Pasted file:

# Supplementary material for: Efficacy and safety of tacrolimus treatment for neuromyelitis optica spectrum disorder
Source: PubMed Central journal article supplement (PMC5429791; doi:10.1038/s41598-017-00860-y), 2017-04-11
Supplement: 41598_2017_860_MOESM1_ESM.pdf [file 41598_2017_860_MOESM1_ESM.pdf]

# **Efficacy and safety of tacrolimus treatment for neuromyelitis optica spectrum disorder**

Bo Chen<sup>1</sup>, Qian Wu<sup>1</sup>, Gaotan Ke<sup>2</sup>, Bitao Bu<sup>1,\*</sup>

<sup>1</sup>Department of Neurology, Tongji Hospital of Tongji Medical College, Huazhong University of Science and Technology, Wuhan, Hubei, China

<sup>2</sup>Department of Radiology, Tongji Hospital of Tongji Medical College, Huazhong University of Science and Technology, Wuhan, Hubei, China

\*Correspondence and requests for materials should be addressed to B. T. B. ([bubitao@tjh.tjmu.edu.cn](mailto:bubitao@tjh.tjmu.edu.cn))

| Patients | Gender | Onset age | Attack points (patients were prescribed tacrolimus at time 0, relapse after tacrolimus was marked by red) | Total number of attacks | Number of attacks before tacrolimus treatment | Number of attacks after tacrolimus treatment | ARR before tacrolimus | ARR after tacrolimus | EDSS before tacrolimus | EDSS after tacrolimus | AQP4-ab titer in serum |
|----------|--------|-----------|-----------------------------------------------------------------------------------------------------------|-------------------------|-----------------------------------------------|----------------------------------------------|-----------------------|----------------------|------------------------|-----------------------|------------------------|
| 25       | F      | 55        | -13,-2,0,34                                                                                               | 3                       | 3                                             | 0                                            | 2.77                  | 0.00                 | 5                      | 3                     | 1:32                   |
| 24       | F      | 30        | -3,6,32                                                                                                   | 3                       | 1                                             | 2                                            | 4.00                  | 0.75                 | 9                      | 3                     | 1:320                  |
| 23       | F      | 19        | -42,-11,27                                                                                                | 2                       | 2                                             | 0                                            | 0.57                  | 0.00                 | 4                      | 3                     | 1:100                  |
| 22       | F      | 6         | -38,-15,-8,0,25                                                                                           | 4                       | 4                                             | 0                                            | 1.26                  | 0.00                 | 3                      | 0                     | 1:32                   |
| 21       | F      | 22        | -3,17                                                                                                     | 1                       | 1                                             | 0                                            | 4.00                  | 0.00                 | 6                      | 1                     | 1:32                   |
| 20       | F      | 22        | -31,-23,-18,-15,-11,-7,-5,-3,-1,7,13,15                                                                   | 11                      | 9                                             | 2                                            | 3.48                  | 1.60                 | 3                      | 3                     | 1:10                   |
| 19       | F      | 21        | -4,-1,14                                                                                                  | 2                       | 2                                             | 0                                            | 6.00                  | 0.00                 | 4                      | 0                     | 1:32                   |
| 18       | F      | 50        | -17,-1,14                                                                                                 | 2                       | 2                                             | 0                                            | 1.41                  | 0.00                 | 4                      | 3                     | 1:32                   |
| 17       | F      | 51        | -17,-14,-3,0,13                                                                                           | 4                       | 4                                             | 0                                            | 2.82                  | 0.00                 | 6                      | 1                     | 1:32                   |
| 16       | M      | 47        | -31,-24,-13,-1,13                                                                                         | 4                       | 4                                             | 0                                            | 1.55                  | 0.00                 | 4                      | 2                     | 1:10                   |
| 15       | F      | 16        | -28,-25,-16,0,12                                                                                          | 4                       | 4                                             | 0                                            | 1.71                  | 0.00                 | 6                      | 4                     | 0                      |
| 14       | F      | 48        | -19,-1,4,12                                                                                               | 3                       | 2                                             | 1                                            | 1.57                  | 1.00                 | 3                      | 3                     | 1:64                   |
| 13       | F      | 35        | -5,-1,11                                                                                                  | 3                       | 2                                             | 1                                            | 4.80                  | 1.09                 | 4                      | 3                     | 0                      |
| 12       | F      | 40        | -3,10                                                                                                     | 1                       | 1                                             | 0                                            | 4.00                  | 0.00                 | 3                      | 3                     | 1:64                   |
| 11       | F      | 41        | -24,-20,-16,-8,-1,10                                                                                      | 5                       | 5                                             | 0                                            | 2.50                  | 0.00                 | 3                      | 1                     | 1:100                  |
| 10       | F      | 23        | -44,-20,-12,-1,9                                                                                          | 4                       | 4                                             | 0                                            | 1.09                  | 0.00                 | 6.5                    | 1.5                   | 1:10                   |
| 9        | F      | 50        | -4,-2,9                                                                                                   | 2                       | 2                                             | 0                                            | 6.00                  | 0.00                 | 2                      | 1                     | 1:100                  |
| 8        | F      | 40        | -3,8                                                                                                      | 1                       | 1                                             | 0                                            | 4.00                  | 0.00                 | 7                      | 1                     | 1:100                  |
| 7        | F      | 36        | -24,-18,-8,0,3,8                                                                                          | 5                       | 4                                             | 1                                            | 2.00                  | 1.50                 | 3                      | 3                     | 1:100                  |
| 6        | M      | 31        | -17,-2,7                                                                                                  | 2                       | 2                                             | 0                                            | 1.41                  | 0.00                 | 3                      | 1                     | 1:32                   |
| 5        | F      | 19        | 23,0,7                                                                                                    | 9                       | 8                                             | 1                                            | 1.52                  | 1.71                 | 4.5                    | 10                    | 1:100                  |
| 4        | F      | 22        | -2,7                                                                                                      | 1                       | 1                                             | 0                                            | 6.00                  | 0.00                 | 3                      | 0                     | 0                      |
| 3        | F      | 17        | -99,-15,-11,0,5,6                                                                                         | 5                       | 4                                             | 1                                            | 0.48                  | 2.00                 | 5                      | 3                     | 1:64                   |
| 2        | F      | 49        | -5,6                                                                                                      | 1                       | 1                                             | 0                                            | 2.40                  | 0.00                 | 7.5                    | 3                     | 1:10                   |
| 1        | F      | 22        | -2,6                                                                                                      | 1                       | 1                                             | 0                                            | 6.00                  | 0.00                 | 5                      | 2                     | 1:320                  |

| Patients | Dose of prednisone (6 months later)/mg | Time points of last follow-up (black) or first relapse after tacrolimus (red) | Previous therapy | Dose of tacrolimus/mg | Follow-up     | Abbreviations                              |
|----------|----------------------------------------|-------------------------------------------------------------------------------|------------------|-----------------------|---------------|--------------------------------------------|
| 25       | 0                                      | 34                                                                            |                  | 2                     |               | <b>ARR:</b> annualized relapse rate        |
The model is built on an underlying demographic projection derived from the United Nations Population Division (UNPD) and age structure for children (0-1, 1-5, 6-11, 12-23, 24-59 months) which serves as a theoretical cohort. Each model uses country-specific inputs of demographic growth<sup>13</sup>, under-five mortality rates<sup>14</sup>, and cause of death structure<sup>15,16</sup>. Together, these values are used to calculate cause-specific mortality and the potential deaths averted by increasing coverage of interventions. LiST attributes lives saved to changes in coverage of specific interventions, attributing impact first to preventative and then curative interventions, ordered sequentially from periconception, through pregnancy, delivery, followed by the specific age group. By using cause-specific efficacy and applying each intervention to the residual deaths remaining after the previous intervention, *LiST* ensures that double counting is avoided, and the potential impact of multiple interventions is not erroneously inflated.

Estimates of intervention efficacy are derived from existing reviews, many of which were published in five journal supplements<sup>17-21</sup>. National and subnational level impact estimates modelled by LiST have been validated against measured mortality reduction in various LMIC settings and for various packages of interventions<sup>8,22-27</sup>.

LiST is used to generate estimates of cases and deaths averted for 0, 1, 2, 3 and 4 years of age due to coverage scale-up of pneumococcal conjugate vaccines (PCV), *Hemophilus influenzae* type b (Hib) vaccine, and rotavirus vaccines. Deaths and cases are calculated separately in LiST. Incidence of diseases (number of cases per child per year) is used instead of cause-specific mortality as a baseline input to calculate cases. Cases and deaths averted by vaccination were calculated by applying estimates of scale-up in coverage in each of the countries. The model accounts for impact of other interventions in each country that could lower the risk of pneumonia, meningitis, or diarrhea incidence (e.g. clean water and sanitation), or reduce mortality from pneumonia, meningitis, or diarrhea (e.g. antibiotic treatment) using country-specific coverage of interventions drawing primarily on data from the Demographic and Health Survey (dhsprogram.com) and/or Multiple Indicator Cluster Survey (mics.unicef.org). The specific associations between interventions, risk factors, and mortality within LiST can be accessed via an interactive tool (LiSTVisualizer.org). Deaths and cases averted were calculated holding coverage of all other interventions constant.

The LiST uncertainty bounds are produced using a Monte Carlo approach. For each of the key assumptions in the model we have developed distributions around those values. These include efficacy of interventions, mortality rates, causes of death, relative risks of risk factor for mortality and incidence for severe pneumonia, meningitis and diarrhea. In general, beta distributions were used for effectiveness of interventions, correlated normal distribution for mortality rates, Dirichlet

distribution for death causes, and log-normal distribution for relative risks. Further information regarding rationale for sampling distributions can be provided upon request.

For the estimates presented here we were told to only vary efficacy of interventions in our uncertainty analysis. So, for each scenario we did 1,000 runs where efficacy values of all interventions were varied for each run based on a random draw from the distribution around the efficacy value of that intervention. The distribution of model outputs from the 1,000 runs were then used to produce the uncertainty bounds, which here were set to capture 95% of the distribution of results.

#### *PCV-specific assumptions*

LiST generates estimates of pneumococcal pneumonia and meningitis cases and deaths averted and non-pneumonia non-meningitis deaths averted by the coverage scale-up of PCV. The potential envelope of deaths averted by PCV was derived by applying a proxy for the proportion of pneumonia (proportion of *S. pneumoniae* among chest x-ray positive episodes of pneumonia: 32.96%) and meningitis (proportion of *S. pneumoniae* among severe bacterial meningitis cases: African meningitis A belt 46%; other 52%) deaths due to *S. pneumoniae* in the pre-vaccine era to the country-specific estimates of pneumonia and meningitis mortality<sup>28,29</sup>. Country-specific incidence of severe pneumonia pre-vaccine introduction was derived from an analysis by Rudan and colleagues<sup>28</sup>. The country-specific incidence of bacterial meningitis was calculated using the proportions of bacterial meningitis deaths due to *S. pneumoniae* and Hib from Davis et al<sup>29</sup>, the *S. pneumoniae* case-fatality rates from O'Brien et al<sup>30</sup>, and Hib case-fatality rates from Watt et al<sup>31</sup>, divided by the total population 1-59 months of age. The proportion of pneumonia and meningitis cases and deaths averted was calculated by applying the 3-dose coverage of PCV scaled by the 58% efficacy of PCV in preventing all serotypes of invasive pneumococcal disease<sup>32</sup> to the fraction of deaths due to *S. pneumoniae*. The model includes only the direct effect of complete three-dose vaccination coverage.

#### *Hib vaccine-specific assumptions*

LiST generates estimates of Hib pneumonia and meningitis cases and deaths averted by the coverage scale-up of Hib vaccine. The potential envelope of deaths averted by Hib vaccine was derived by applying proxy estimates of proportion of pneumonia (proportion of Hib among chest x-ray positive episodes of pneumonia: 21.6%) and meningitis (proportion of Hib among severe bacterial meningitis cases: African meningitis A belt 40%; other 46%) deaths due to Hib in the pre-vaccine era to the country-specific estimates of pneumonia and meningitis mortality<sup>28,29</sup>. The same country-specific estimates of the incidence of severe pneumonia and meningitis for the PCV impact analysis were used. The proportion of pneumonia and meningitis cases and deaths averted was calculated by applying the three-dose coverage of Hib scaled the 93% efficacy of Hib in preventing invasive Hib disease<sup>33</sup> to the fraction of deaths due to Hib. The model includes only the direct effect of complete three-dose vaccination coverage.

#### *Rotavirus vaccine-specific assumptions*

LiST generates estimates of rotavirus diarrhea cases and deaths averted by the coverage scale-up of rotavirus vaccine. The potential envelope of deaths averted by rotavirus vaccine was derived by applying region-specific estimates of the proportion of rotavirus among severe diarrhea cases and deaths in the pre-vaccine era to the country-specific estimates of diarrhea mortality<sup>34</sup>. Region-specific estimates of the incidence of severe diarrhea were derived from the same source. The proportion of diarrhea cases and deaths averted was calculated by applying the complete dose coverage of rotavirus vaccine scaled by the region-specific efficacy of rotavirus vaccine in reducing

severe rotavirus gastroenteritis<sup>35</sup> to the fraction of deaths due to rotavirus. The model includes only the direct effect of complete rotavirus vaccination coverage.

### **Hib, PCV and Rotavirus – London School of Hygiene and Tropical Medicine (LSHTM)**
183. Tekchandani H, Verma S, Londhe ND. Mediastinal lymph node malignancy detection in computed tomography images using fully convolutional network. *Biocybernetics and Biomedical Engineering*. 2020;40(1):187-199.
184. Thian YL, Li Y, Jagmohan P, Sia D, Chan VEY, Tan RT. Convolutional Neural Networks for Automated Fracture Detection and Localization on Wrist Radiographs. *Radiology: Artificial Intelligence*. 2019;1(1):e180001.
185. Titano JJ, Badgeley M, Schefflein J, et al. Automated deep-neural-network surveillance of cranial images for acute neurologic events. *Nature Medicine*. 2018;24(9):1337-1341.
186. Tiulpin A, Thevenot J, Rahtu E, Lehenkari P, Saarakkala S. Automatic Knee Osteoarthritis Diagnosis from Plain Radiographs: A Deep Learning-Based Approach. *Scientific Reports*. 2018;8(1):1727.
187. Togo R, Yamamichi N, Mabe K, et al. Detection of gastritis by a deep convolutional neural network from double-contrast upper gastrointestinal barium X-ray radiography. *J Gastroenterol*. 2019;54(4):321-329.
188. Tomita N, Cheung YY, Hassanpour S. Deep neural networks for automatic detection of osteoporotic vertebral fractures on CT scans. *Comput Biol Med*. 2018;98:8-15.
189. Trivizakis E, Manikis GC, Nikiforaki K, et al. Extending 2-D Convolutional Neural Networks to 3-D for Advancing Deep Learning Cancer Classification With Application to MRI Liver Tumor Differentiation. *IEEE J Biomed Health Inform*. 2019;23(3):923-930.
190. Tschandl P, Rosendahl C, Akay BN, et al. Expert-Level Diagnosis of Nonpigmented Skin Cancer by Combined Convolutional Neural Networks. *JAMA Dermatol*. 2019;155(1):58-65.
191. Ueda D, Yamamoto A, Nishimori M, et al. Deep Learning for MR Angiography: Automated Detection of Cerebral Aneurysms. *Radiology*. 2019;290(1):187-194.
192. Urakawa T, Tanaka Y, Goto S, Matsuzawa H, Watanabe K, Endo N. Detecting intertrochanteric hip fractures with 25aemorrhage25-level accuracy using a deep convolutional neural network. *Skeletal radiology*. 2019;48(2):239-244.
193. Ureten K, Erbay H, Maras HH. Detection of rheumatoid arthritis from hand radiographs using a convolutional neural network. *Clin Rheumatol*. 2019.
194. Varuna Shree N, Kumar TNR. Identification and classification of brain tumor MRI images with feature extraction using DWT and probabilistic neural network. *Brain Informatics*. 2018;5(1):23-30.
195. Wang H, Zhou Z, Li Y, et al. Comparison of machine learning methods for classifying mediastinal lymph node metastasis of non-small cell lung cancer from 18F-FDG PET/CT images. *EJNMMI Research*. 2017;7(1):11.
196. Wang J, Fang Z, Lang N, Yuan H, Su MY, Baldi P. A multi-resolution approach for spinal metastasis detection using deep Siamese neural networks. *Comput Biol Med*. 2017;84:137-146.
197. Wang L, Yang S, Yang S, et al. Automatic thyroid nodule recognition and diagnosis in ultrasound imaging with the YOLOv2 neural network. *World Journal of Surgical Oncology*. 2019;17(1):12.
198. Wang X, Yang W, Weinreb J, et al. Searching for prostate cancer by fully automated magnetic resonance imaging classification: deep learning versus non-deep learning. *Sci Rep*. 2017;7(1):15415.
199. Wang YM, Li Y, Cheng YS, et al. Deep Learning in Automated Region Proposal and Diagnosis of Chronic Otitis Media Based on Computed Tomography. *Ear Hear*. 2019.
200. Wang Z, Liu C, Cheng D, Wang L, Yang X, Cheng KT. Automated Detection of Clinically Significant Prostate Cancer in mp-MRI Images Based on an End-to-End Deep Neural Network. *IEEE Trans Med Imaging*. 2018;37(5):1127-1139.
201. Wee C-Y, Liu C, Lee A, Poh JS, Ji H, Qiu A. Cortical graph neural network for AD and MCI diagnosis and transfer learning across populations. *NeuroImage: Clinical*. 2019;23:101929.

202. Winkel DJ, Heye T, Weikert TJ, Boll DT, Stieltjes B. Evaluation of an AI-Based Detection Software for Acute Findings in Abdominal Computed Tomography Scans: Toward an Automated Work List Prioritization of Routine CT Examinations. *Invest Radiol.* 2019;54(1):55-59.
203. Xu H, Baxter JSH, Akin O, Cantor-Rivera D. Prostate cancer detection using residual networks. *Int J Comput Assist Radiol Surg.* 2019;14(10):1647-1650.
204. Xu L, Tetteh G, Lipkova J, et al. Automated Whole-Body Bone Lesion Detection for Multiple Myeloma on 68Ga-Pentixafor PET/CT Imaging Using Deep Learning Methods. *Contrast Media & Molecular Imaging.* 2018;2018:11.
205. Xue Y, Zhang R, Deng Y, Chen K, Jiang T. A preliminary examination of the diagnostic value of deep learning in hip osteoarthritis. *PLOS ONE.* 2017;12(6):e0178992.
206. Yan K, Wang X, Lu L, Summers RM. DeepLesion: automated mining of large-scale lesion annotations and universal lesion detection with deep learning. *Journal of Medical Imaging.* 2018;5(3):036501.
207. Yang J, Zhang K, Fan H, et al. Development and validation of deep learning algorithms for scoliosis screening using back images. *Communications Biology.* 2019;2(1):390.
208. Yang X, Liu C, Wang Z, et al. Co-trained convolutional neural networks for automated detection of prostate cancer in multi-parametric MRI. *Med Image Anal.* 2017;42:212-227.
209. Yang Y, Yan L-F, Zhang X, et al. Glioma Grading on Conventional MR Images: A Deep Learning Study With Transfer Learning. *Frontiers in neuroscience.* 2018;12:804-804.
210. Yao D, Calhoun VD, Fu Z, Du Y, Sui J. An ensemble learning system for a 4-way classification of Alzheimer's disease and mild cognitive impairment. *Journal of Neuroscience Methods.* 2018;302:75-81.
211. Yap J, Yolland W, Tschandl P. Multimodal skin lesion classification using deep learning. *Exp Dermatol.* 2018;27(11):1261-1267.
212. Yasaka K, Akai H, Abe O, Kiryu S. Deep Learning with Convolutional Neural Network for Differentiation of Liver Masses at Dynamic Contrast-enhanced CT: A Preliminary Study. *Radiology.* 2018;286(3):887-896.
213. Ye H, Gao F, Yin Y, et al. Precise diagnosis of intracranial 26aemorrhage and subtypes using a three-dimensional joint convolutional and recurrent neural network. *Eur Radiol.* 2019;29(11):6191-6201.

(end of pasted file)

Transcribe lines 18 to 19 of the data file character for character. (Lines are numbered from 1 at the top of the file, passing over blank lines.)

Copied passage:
| 18       | F      | 50        | -17,-1,14                                                                                                 | 2                       | 2                                             | 0                                            | 1.41                  | 0.00                 | 4                      | 3                     | 1:32                   |
| 17       | F      | 51        | -17,-14,-3,0,13                                                                                           | 4                       | 4                                             | 0                                            | 2.82                  | 0.00                 | 6                      | 1                     | 1:32                   |